Sonny Gray appears to be riding in the fast lane. The former Vanderbilt ace actually considers himself to be cruising at a comfortable pace.
Less than two years since the Oakland A’s drafted him in the first round, the 23-year-old has moved up the minor league ladder to Triple-A. Gray expected to advance quickly and isn’t surprised he is currently pitching for the Sacramento River Cats.
Now, the trick is to keep that attitude even though just one phone call separates him from making his debut in the major leagues.
“That is the hard thing about it — you’ve got to stay in the moment,” Gray said. “This is where I expected to be. … Like any competitor, I feel like I can pitch anywhere. But it is not really my call to say. All I can do is get myself as ready as possible and just wait for my opportunity.”
Gray returns to Nashville for the first time in his professional career this weekend. The right-hander is scheduled to start against the Sounds on Saturday at Greer Stadium. He is expecting an overwhelming presence of family and friends from his hometown of Smyrna.
Playing in the Oakland farm system, opportunities to pitch in the South have been rare. Thus far as a professional, Gray has played for teams in Arizona, Texas and California.
“It is pretty far from home and that can get you sometimes,” Gray said. “It will be really cool to pitch in front of some familiar faces. Pitching at Greer Stadium will be cool because I went to some games there as a kid. Now going back and actually being a player on that field will be pretty neat.”
Despite rising to Triple-A rather quickly, Gray said he has had to adjust to a learning curve — namely a quicker turnaround in pros.
While at Vanderbilt, he pitched just once a week and started just 18 games in 2011 when he helped the Commodores reached the College World Series. Now, pitching every five days, the 5-foot-11, 200-pounder said he has had to adapt his preparation.
“The playing every day and figuring out what routine you’re going to do in between starts” is the biggest adjustment, he said. “Some days you’re going to have save your arm a little bit. There are a lot more games here where you don’t feel as quite as good as you did in college. Every start in college you felt pretty good. You’re body breaks down a little more when you’re playing 144 games instead of 50. You have to keep your body going.”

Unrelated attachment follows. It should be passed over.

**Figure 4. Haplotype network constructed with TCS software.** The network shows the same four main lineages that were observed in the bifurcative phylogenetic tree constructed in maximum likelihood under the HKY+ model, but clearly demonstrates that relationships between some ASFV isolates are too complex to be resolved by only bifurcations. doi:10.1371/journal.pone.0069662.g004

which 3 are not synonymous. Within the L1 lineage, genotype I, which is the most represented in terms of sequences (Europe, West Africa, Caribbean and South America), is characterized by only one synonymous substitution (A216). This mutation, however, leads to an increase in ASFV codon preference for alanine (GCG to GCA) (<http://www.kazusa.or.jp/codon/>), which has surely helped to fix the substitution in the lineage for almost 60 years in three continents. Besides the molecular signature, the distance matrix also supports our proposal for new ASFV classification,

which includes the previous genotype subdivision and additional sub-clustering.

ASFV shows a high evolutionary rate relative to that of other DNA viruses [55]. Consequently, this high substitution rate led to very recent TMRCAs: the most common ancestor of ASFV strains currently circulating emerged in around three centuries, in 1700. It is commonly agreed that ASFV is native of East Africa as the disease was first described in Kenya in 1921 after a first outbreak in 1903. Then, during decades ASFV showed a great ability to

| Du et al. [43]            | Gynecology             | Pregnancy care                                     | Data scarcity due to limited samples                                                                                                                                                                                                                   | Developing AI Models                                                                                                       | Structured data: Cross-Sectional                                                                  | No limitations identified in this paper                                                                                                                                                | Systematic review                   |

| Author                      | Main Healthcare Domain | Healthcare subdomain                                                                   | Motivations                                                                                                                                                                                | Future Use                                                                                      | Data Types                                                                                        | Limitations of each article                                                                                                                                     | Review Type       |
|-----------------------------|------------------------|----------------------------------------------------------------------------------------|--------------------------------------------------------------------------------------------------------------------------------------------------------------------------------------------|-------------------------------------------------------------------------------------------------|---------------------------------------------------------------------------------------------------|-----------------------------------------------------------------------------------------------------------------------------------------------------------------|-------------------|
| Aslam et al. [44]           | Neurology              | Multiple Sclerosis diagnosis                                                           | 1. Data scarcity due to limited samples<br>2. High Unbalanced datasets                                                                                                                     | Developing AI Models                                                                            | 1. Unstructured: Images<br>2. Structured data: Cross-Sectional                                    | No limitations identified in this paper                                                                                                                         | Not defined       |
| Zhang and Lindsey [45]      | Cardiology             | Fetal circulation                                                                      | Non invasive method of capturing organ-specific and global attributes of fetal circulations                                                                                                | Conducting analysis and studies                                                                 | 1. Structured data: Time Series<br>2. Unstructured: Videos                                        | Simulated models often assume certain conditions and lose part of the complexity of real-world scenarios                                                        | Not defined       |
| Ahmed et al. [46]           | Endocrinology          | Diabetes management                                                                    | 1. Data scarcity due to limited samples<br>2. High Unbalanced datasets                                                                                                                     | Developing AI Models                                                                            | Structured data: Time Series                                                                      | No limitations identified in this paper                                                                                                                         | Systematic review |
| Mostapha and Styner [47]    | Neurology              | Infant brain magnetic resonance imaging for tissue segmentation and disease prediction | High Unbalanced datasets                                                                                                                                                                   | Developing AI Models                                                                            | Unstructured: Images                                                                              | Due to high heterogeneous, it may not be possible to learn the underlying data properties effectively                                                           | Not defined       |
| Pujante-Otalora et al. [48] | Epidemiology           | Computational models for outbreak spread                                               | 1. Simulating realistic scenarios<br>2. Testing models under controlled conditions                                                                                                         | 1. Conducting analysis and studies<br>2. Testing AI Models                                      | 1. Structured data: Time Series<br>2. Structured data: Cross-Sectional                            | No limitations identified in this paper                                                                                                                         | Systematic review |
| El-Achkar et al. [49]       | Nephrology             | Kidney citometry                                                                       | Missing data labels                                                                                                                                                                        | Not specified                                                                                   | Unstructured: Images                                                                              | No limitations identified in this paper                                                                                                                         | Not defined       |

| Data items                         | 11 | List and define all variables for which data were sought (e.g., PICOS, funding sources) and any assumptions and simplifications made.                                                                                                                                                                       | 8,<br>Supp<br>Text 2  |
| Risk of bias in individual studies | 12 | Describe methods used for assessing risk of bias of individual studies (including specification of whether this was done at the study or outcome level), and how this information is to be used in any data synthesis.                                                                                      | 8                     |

Gray felt some of those effects last year when he went 6-9 with a 4.26 ERA between Double-A Midland and Sacramento. This year, however, he has benefitted from a better start.
In five starts, he is 3-1 with a 2.61 ERA, one complete game and 25 strikeouts in 31 innings.
“I’ve been fortunate to get off to a good start this year. That is really all you can ask for at this point,” Gray said. “I’ve been able to throw a fastball a little bit more consistently in the strike zone this year. My fastball command and the movement on my fastball has been a huge plus.”
Gray also credited his time at Vanderbilt for putting him on the fast track.
Drafted by the Chicago Cubs in the 27th round out of high school, he decided to stick with his commitment to play at Vanderbilt. He was considered a possible first-round pick but was emphatic about his desire to go to college.
Over the next three years at Vanderbilt, he finished second in program history with 27 wins and fourth with 317 strikeouts.
“The time I spent there prepared me so much for where I am now and where I hope to be some day,” Gray said.
That coveted spot in the big leagues could be coming soon.
Earlier this week, the San Francisco Chronicle reported that Gray could be called up if Jarrod Parker had to be placed on the disabled list. Gray says he hasn’t been told to get a bag ready but his goal is to get called up by season’s end. Even so, he has no complaints about the ride up to this point.
“I’m happy,” he said. “There is nothing to really not be happy about except for one day hopefully I’ll be able to pitch in Oakland. I’m very happy. I feel like I just have to keep throwing the ball well and the opportunity will come. I think [getting called up] will be a pretty special time. It is one of those few moments in your life that you remember what you were doing, where you were. It is probably one of those moments you remember everything about for the rest of your life.
“I’m hoping. That’s my goal. We’ll see what happens from here.”